I am a reader in clinical and experimental transplantation within the department, having received a clinician scientist award from the Health Foundation in 2003. My research interests focus on the basic science of transplant rejection, with particular emphasis on how the specialised immune cells of the recipient – the T and B lymphocytes – coordinate in the development of antibody. We are increasingly aware that, after transplantation, the development of antibody directed against the transplant is associated with early failure of the transplant. Hence, a better understanding of how antibody develops will allow us to develop new strategies that aim to prevent the development of antibody, and in doing so, prolong transplant survival. Over the last few years, research from the group has shown that the ‘indirect’ T cell allorecognition is crucial in the provision of help for alloantibody production, and that germinal centre alloantibody responses are critically dependent upon help from allospecific ‘T Follicular Helper’ cells that recognise self-restricted processed allo-peptide. Our most recent research suggests that targeting this specialised T cell subset may be an attractive approach to combating chronic antibody mediated rejection. Finally, our research has highlighted that the T cell allorecognition pathways active at various times after transplantation may vary considerably, as will the precise alloantigenic focus of these responses, and has detailed a novel mechanism by which passenger donor lymphocytes within a transplant may augment the recipient’s alloimmune response. ‘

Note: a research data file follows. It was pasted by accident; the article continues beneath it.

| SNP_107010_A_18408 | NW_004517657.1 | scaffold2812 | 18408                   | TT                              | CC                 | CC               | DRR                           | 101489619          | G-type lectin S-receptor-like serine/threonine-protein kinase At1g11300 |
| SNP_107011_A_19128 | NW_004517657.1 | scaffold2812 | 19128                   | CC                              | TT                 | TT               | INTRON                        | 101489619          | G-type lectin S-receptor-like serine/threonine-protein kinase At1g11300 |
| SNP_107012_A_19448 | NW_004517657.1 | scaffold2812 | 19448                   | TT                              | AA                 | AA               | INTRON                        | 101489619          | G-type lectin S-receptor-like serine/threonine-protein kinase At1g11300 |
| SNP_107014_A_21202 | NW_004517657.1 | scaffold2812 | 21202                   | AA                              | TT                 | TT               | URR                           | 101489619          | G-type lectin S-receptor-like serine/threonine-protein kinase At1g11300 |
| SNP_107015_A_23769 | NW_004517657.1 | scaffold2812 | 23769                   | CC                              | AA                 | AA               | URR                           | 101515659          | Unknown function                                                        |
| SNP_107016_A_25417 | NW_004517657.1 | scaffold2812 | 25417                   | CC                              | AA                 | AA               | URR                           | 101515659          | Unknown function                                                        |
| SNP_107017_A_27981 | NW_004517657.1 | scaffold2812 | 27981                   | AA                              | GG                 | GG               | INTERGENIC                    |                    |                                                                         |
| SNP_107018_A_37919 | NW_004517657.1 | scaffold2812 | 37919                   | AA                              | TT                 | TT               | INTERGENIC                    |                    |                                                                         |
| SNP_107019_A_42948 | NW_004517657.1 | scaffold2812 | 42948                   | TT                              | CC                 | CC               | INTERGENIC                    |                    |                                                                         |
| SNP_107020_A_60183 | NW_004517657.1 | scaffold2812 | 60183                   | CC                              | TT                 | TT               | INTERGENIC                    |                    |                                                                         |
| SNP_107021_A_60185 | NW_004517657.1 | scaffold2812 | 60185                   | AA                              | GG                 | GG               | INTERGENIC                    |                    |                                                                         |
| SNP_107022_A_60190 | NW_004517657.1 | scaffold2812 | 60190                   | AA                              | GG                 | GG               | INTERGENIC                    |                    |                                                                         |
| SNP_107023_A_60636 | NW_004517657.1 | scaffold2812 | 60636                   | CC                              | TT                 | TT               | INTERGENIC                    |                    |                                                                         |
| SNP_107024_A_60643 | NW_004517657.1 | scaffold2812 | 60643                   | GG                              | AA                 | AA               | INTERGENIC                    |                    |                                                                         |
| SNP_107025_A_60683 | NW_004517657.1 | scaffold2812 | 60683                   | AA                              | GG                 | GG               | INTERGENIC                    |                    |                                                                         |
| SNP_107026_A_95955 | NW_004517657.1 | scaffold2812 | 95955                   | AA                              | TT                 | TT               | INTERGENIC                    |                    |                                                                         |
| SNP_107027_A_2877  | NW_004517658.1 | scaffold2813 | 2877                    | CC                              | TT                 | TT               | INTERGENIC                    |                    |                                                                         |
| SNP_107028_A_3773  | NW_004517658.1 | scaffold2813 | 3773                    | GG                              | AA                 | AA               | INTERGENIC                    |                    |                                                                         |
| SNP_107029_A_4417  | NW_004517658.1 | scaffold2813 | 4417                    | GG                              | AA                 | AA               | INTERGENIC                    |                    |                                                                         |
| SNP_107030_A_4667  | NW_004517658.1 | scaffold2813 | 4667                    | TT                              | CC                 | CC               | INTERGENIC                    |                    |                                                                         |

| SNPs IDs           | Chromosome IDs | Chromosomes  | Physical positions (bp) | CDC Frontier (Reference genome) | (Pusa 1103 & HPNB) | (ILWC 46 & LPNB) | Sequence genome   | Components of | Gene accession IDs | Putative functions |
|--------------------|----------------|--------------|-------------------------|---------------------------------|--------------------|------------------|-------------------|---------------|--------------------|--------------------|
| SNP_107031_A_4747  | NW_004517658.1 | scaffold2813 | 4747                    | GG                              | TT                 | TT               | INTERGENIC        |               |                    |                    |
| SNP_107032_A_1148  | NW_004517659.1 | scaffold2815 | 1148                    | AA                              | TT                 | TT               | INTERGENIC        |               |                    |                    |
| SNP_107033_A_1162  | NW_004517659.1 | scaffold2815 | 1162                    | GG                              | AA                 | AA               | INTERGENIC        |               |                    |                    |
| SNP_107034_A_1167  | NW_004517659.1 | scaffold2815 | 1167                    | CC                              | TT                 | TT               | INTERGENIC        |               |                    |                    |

As a transplant surgeon, I also have a research interest in promoting and expanding the UK donor pool. Over the last decade, deceased donation in the UK has changed dramatically, because of the increased use of ‘donation after circulatory death’ (DCD) donors. These are donors who do not fulfil brain-stem death criteria, but whose survival prospects are futile due to catastrophic brain injury. This expansion in DCD activity has approximately doubled the numbers of UK donors annually, and currently, almost half of deceased donors in the UK are from DCD donors. This is a very different situation than occurs in the States and other European countries, and I am extremely proud that the work we have performed in Cambridge has been central to the expanded DCD UK transplant activity. Generally, retrieval teams wait one hour before abandoning donation after withdrawing life supporting treatment (WLST) in a potential DCD donor, but our research has shown that that numbers of DCD kidney transplants can be substantially increased by waiting longer from WLST, and that this does not prejudice transplant outcome (Reid et al, AJT 2011). This has informed national practice – organ retrieval teams in the UK now all wait a standard three hours from WLST. Our research has also shown that kidneys from elderly DCD donors can be used effectively and safely. To do so in Cambridge, we have adopted a strategy of performing pre-implantation biopsy analysis of kidneys from elderly DCD donors. These biopsies are analysed urgently and the results of the analysis used to inform the decision about whether to implant the kidneys as single, or dual transplants (two kidneys into the one recipient), or to discard. I am currently leading an NIHR-funded National Trial aimed at evaluating how the introduction of a National Histopathology Service impacts upon the number, and outcomes, of deceased kidney transplants performed in the UK (see http://www.pithia.org.uk/).